CLIVE James left some words wandering around my head all day yesterday. These weren’t the brilliant sparklers of his old TV column in the Observer all those years ago. Or a fragment of his poetry. Just six simple words at the beginning of a sentence… “When I was first a student…”
I re-read those words while trying to work out the resonance. Perhaps it is the placing of that ‘first’ that does it, giving the words a poetic rhythm. No long-winded “When I was a student first time around” or anything from James. There is a biblical clarity almost to his words.
James is recalling his youth on Avalon beach in Sydney while summoning up memories of a lissome girl called Pat he knew 50 years ago. “I can only just remember her pretty face, but I can remember vividly her taste in reading.” What she was reading was Ulysses by James Joyce. I am with Pat on that one, although it’s been a few years now since I picked up my battered paperback copy from when I first was a student. And from when I last was a student, too.
James writes a short column called Reports Of My Death that appears towards the end of the Guardian Weekend supplement every Saturday. It should be required reading all round. The writing is so sharp and the thinking so clear.
As the title of the column suggests, the poet, writer, journalist and wit is dying of cancer, but he is taking his time over his departure. This is good news for us and hopefully for him too. These sainted extra days have given James great mental strength while his body falls apart around him.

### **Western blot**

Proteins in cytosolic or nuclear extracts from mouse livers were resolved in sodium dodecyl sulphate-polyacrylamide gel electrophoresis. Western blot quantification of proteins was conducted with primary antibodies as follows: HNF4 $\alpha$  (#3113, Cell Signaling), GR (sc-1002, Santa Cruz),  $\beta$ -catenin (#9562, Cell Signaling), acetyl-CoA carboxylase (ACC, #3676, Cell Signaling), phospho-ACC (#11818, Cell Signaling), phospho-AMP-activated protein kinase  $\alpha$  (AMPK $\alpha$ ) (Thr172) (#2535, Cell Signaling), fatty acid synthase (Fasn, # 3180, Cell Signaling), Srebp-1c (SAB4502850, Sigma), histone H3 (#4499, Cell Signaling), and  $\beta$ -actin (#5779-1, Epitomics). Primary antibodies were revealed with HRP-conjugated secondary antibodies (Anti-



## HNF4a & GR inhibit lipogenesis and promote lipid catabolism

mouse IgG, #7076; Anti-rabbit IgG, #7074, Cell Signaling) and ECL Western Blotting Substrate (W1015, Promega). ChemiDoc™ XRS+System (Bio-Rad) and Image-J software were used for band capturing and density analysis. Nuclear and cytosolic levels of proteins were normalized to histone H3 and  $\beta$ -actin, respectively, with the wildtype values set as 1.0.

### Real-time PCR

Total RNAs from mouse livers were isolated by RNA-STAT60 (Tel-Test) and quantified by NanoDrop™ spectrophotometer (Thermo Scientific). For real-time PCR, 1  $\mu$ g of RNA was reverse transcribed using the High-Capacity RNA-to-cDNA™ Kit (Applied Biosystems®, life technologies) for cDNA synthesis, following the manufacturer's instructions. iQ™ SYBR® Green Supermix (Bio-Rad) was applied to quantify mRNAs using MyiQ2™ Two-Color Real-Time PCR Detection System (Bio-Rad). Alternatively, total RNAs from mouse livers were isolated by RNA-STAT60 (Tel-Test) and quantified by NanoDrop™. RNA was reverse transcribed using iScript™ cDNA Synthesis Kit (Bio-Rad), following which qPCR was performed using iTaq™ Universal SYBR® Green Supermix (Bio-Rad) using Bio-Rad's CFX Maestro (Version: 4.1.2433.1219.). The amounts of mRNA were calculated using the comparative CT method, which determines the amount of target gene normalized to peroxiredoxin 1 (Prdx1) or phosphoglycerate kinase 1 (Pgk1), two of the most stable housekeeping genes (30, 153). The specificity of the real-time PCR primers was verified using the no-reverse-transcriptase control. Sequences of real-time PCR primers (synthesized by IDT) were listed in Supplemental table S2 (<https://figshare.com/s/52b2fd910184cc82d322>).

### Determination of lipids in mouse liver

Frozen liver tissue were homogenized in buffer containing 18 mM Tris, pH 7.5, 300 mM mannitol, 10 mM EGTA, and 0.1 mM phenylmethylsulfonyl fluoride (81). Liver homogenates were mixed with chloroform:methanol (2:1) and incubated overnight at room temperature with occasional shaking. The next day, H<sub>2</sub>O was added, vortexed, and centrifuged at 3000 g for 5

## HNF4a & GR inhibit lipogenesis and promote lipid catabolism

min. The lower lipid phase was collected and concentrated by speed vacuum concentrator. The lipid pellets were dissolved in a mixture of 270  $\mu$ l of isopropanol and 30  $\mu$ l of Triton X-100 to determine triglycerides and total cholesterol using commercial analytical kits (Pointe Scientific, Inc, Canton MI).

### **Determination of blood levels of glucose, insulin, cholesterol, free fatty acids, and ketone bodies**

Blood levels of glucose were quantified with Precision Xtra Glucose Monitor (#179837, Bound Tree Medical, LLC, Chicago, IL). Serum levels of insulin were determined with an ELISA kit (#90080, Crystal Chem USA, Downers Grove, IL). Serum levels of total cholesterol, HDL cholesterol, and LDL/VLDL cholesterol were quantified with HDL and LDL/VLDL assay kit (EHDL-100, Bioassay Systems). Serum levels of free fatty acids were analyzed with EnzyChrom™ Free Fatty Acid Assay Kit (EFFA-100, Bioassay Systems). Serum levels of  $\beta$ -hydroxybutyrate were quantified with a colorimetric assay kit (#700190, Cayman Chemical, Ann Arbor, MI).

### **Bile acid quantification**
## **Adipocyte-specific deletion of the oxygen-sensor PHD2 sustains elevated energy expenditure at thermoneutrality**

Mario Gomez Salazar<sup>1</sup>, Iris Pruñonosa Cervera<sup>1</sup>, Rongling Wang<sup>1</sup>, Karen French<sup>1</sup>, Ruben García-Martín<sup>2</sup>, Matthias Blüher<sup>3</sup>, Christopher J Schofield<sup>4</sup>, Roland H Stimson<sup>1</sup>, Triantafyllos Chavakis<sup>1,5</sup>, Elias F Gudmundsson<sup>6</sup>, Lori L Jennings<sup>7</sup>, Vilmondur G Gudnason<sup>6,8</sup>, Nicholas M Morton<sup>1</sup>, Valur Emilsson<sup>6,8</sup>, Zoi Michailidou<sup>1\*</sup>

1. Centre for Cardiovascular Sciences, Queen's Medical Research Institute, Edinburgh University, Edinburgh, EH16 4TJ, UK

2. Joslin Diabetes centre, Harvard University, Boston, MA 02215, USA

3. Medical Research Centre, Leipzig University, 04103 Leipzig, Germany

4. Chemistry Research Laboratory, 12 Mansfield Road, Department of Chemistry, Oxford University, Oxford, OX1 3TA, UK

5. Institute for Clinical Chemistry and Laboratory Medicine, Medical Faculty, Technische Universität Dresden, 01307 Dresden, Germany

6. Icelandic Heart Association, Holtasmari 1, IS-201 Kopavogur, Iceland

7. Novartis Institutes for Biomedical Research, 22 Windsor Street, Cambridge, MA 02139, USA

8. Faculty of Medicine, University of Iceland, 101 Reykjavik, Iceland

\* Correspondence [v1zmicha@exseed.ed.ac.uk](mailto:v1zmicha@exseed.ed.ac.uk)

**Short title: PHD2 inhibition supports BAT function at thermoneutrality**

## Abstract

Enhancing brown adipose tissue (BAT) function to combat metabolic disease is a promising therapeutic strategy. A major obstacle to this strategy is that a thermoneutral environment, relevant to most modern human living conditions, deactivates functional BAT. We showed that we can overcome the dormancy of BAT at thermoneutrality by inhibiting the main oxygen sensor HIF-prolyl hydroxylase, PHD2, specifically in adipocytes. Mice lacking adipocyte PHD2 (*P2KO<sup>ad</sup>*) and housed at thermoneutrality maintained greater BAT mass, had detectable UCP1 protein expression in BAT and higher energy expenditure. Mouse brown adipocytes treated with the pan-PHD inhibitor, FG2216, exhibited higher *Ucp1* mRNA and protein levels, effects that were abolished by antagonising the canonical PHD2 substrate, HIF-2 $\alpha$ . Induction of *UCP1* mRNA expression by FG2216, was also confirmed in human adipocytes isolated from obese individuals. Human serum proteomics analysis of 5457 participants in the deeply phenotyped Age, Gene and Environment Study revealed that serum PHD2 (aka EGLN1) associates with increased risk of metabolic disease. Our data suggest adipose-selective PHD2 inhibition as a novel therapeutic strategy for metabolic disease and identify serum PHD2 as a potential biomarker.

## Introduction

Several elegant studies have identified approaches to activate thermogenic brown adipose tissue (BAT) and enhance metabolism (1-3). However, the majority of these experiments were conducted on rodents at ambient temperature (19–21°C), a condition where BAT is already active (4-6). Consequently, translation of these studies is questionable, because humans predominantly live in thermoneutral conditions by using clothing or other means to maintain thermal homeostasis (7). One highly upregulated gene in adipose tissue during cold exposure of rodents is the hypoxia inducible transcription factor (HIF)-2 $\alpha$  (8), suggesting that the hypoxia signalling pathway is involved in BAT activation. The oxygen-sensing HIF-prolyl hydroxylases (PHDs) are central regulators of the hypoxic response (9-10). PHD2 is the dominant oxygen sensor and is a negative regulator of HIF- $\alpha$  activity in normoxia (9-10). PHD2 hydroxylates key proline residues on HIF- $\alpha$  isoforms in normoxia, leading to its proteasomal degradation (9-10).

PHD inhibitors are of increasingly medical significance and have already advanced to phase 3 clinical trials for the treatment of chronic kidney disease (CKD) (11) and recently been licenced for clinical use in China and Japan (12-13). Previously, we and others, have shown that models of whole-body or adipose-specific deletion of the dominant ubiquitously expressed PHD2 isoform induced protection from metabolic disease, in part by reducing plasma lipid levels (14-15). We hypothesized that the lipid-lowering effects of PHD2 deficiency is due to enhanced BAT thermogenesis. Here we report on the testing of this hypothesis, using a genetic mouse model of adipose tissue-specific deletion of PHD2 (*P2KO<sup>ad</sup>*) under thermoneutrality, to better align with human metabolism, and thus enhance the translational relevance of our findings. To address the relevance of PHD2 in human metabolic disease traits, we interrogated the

Bashing words out isn’t necessarily hard, but good writing is difficult. What James offers each week in this protracted farewell is the best sort of writing. Simple and yet capable of profundity.
Anyway those words stayed with me all of yesterday. They were there when we went to see some friends for a coffee in the morning. They were there when I did some work in the afternoon. And they were there when I was returning from a friend’s 40th birthday party in York and waiting outside York Theatre Royal for the bus home.
This is a good spot for a different sort of theatre on a Saturday night. People streamed or wobbled past. A young woman hampered by short skirt and high heels tottered while she shouted into her mobile phone. “You don’t know what I have to put up with,” she screamed. “You have no idea. You don’t know the half of it.”
Gravity threatened to interrupt her rant, but she recovered her balance and kept on shouting at whoever it was that didn’t know the half of it. Although perhaps by then they knew the whole of it.
A young man who might have been wiser about his nourishment tugged up oversized jeans as he balanced on his belly a pizza in its box. Neither pizza nor jeans fell, which was a relief all round.
A group of cyclists forgot which side of the road they should be on. And then the Number 1 bus rolled up on the right side of the road, and I rolled home.